“I’ve been there too, as a younger girl just adoring someone so much and having that person make my day. Even now, I’m starstruck by certain people that I admire terribly.

“When it happens, I just think, ‘My God, isn’t this incredible.’ It makes me feel humble and proud and sometimes uncomfortable. When somebody comes up to me and says, ‘I can’t tell you how much you mean to me. I’ve been listening to your music for years,’ then, occasionally, I just want to cry. I’m always very, very touched.”

The Vineyard has been home for Carly and James since they were infants, vacationing here each season. The Island holds some of their dearest friends, many of their happiest summer memories.

“I consider this more my home than anywhere else,” Miss Simon said tucking her bare feet beneath a flowing lavender dress. “I was born in New York, and I’m certainly comfortable there, but the Vineyard is solidly a part of my heart and soul than any other place I know.”

The Taylors divide their lives between an apartment on the upper west side of Manhattan and a rambling Vineyard home in the woods surrounded bu the fields they cleared. The house has a modern approach — glass hall walkways separating levels and rooms — with a Cottage City exterior flavor: wooden shingles and trim in a shade of chartreuse.

“Both James and I have to be in a city where we can work, and the children, or at least Sarah, can go to school. For the time being and in this day and age, it seems to be either Los Angeles or New York. They have the greatest opportunities as far as musicians and studios are concerned.

“We chose New York over L.A. because we like it better and because we’re East Coast people and it’s easier to get to Martha’s Vineyard from New York that it is from California.”

Carly hasn’t timed her family’s departure to the city. It’s October, and she says the fall is a productive season for her songwriting. The Vineyard summers are too full of family, friends and homelife for work.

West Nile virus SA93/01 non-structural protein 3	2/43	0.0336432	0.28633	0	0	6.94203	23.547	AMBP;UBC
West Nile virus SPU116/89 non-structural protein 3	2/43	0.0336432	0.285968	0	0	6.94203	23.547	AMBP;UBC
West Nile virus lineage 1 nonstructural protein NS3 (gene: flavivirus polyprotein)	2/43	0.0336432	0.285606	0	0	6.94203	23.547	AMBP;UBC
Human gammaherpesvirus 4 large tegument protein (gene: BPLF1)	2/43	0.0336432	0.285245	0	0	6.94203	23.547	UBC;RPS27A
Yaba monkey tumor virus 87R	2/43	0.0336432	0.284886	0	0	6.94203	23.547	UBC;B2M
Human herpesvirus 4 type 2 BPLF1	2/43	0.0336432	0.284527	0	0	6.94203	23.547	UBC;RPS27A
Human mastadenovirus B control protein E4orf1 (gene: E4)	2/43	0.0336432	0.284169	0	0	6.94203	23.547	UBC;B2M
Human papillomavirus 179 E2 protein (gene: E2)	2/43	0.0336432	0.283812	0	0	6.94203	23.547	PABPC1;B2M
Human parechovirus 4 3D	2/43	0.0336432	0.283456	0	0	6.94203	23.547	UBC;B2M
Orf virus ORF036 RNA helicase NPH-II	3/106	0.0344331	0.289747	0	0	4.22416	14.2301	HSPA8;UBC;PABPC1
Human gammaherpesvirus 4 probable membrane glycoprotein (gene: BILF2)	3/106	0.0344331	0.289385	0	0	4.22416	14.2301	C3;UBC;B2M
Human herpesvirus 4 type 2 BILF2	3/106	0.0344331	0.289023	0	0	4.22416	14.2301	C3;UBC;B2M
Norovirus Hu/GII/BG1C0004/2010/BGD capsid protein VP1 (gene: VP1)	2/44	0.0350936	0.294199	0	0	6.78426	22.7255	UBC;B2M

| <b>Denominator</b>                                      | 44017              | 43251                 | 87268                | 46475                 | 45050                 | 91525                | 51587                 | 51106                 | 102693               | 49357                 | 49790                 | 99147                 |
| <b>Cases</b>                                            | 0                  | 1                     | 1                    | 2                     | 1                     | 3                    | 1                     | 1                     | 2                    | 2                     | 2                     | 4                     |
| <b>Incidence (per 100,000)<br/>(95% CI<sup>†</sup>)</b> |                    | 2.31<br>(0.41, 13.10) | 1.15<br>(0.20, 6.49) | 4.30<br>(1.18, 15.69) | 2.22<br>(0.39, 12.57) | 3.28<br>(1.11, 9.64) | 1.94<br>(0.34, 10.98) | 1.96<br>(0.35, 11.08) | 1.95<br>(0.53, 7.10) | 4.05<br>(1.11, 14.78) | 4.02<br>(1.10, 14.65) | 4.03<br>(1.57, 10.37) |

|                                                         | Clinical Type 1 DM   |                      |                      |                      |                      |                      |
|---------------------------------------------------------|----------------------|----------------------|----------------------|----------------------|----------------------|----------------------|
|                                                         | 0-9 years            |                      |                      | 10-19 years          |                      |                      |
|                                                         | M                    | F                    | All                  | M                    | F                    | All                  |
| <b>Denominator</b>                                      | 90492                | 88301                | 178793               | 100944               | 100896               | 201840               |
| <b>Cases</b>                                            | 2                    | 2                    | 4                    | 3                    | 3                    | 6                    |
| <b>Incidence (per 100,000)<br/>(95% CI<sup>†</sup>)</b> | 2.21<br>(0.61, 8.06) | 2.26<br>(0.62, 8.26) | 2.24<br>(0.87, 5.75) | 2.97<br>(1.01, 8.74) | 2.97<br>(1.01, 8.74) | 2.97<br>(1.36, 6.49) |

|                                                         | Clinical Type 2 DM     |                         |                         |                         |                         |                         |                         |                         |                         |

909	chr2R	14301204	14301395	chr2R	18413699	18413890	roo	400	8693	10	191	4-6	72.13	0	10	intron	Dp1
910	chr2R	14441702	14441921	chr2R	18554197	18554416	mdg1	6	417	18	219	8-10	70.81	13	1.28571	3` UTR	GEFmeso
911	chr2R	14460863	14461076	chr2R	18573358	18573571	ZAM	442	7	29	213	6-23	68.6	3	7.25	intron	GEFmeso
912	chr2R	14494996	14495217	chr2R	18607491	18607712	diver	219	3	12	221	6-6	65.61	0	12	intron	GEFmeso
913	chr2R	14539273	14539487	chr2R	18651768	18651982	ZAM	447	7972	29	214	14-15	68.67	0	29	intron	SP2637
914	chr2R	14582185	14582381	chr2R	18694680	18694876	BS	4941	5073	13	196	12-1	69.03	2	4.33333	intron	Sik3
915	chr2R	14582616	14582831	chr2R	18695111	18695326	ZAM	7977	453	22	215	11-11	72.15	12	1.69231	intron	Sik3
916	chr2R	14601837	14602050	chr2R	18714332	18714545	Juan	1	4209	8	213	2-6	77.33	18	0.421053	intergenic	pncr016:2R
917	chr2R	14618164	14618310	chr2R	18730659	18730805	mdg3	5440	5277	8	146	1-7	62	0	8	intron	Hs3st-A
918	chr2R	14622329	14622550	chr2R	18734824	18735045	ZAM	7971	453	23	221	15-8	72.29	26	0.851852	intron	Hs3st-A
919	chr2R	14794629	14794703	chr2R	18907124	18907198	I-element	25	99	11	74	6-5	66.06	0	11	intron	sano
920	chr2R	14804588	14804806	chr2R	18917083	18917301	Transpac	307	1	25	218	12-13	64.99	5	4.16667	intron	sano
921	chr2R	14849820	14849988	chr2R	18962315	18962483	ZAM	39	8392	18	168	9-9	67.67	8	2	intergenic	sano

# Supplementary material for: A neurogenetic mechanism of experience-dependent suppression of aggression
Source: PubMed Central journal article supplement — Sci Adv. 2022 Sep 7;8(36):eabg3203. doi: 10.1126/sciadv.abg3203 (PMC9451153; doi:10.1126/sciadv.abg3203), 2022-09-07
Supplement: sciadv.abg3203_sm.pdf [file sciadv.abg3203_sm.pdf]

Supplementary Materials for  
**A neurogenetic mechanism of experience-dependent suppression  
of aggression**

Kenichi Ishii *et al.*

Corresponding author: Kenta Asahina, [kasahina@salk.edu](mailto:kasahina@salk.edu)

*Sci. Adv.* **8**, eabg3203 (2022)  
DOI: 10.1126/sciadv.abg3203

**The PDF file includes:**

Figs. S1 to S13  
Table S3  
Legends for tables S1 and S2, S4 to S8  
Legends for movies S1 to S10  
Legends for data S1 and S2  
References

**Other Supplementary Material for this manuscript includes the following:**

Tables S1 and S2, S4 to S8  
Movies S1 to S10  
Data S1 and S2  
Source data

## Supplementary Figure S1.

“I find my life here is just as busy as it is in New York. I have many more friends here, Island friends, and there’s just more socializing in the summer. It takes up a lot of our time, and between that and the children and the organizing of the house and cooking three meals a day, I have no time for work.”

Miss Simon is a keen listener as well as a warm conversationalist. Her eyes move with the talk and absorb a visitor’s question or comment.

The shift from city to country and back again varies with recording schedules, responsibilities and travel. In either direction, Carly says she is a reluctant mover.

“I love this house. The last two years, we’ve spent four months here, and the two years before that we spent eight months here. Sometimes, I’m into my life in New York, and the move here seems like an unfortunate jolt at the time. Now, if I have to move back to New York, I’d feel the same terrible reluctance. I’m a victim of inertia to a certain degree in that I get comfortable where I am and I don’t want to move.

“It takes me a while to adjust to a place but once I’m there, I’m usually very happy. I’ve been lucky; I’ve never lived in a place that I haven’t liked.”

While she is here and when she returns, Carly may work to revive a piece of the past. The Mooncusser in Oak Bluffs was the first stage for many of the folk artists whose music was born in part or in whole on the Vineyard.

They were all there in the sixties: Jesse Colin Young, Jeff Muldaur and Maria Muldaur with the Jug Band, the Green Briar Boys, Tom Rush, James Taylor and Carly and Lucy Simon. Few of the Island’s young people missed a gig at the Mooncusser.

“It really started a whole lot of people on their careers,” she said and then beamed with the anticipation of a new Mooncusser. It would have to be in the right spot and, she added, it would need a liquor license “so we wouldn’t totally lose our shirts.”